[I]n a case such as the present one, in which the fact of employment is only tangentially and insubstantially involved in the subject matter of the public communication made by a [public employee], we conclude that it is necessary to regard the [public employee] as the member of the general public he seeks to be.

Police officers all swear an oath to protect and defend the Constitution. Every one of them. That includes chiefs and administrators. Yet those same administrators are quick to fire officers who piss them off, who don’t fit in with the political views of the police brass and government administrators.

As citizens, you want to insist that that these officials uphold the rights of their officers to exercise free speech. You can hate what a cop has to say, just as a cop may hate what you have to say, but you can’t hate the exercise of a constitutional right.

As noted in Pickering:

[The] exercise of his right to speak on issues of public importance may not furnish the basis for his dismissal from public employment.

If the administrators won’t support the rights of their fellow police officers to speak publicly on matters of public concern, how well do you think that they will protect your rights? They have tried to limit independent contractors free speech on matters of public concern by cancelling contracts when they didn’t like the contractors’ speech on fiscal mismanagement (Board of County Commissioners v. Umbehr). Do you really think that they won’t try to restrict your speech?

So a jerk like Cyr has to be able to speak on these matters, even when his speech is offensive, so that all of us are able to exercise our right free speech.

It’s not pleasant, and you may very well be offended by the speech you hear.

There is no constitutional right to not be offended.

There is a constitutional right to speak.

16 Comments on this post.

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  • Brian Neathery
    11 March 2016 at 9:57 am - Reply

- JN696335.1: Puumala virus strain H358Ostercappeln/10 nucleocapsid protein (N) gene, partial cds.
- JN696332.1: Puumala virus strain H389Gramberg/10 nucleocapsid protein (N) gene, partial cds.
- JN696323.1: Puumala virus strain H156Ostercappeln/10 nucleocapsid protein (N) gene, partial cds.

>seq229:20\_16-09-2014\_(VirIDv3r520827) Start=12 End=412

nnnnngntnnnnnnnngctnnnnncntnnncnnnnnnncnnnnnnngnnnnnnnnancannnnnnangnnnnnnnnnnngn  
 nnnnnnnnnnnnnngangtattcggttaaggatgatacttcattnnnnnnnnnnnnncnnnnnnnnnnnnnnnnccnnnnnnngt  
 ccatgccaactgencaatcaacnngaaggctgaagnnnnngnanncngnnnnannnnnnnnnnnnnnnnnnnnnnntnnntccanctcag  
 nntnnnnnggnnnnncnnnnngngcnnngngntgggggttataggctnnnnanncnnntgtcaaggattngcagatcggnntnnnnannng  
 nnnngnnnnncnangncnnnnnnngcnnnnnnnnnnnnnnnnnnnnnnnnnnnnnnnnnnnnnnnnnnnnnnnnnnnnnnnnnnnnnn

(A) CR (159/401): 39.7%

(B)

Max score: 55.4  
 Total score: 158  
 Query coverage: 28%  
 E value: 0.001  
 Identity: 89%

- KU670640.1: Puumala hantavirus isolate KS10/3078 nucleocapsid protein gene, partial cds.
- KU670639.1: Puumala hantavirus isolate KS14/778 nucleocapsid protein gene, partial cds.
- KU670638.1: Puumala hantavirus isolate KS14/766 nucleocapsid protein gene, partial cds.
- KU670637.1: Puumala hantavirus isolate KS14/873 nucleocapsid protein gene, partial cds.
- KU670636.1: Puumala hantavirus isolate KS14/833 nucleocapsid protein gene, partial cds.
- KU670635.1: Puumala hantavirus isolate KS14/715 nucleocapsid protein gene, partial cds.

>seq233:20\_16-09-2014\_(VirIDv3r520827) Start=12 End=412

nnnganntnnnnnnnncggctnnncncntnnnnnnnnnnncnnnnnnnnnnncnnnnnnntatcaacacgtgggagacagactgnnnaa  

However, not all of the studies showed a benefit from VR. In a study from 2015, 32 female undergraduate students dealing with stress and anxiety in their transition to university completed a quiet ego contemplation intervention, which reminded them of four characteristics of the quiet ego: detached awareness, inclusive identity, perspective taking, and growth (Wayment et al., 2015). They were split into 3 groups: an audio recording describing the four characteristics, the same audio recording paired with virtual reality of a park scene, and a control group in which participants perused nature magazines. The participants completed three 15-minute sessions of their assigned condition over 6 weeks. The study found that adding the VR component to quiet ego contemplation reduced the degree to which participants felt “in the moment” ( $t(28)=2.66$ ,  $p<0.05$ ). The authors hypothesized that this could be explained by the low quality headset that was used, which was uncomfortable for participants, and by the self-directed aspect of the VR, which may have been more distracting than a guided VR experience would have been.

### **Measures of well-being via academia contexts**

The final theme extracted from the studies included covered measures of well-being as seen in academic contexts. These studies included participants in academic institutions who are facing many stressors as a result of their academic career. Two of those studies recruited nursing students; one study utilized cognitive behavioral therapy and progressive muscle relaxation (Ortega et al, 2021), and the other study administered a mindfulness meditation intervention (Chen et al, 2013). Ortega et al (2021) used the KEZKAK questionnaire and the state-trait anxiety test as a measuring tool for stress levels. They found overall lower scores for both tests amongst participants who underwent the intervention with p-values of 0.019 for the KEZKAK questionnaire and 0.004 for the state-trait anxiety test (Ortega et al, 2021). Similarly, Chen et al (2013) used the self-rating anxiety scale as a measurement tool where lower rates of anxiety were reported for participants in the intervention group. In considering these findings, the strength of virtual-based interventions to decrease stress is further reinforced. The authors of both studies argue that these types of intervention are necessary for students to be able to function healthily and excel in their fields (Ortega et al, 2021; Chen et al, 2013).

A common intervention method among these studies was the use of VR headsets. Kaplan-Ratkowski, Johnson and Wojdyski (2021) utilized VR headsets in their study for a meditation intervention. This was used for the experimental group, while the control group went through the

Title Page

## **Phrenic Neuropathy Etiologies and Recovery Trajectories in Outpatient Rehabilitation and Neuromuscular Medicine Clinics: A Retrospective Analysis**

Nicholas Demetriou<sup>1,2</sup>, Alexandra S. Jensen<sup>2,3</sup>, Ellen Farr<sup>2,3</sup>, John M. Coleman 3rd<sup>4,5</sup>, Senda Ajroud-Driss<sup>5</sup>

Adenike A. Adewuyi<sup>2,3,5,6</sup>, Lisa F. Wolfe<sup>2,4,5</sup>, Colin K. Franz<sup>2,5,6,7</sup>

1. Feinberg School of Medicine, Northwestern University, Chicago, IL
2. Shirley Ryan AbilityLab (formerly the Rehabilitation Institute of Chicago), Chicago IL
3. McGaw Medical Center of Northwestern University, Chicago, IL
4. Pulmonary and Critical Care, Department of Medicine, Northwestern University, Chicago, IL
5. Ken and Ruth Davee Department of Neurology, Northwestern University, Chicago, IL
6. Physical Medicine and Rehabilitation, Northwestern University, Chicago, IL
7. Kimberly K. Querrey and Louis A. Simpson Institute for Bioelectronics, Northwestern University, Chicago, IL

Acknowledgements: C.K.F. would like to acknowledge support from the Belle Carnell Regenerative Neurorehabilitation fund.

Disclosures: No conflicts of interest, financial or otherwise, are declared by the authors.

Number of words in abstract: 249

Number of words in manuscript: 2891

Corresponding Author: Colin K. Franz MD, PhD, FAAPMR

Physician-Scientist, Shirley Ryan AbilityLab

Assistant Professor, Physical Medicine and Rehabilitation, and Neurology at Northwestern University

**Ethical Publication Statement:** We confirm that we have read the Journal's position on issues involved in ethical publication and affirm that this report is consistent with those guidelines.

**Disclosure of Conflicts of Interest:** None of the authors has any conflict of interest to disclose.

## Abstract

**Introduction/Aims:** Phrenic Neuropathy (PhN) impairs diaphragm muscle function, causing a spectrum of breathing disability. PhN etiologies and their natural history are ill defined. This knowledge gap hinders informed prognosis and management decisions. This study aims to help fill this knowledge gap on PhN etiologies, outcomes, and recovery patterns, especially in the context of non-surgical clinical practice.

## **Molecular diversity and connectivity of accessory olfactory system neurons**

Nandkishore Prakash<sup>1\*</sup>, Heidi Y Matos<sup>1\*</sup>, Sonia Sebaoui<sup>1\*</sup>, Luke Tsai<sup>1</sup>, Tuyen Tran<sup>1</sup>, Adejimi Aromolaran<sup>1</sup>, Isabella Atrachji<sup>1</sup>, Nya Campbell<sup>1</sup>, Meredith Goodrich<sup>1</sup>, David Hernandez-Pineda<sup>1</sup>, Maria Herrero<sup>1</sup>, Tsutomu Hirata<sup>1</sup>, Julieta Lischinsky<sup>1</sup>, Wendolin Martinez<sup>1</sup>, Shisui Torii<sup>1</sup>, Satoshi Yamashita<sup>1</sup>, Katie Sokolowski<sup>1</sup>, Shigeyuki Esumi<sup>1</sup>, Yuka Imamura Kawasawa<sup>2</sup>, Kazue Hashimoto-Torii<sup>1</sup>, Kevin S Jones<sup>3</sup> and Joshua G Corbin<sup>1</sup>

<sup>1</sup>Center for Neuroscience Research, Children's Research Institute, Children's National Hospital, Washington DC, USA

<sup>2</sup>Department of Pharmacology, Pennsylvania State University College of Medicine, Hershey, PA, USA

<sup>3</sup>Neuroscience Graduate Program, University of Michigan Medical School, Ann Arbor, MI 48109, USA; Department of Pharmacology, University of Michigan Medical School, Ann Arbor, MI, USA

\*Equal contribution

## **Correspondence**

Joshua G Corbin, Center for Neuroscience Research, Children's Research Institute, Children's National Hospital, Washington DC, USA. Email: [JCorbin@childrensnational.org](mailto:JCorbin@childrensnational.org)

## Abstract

Is it likely that a CDL could use the officer’s post against him when he appears as a witness? If so, couldn’t his superiors argue that his social media postings, even off-duty, are affecting his ability to do his job?

    • shg
      11 March 2016 at 10:31 am - Reply

      Interesting point. I would think a CDL could use the Cyr’s words against him, provided they otherwise passed evidentiary muster, to challenge his motive perhaps. But that is attenuated from his position as a cop. Same could be said for something he said at a party that was overheard. If that wasn’t protected, no cop would ever be allowed to say anything anywhere ever.

    • Greg Prickett
      11 March 2016 at 11:16 am - Reply

      I think that a CDL would try to use it.

      I’m not sure how much staying power it would have. From the cop perspective, all he has to say is that he believes that the BLM movement is a terrorist organization which has called for the death of police officers (like the BLM protest in MN) and that he thinks that it is a good thing that one of their leaders is no longer around.

      It’s sort of like the comment when a felon shoots it out with the police and is killed, you’ll hear officers saying that it saved the state the cost of a trial. It really doesn’t, because the officer will almost certainly get sued for wrongful death, but they say it.

      In either case, it does not go towards his truthfulness nor credibility, at least not in my opinion.

  • Jeff Gamso
    11 March 2016 at 1:19 pm - Reply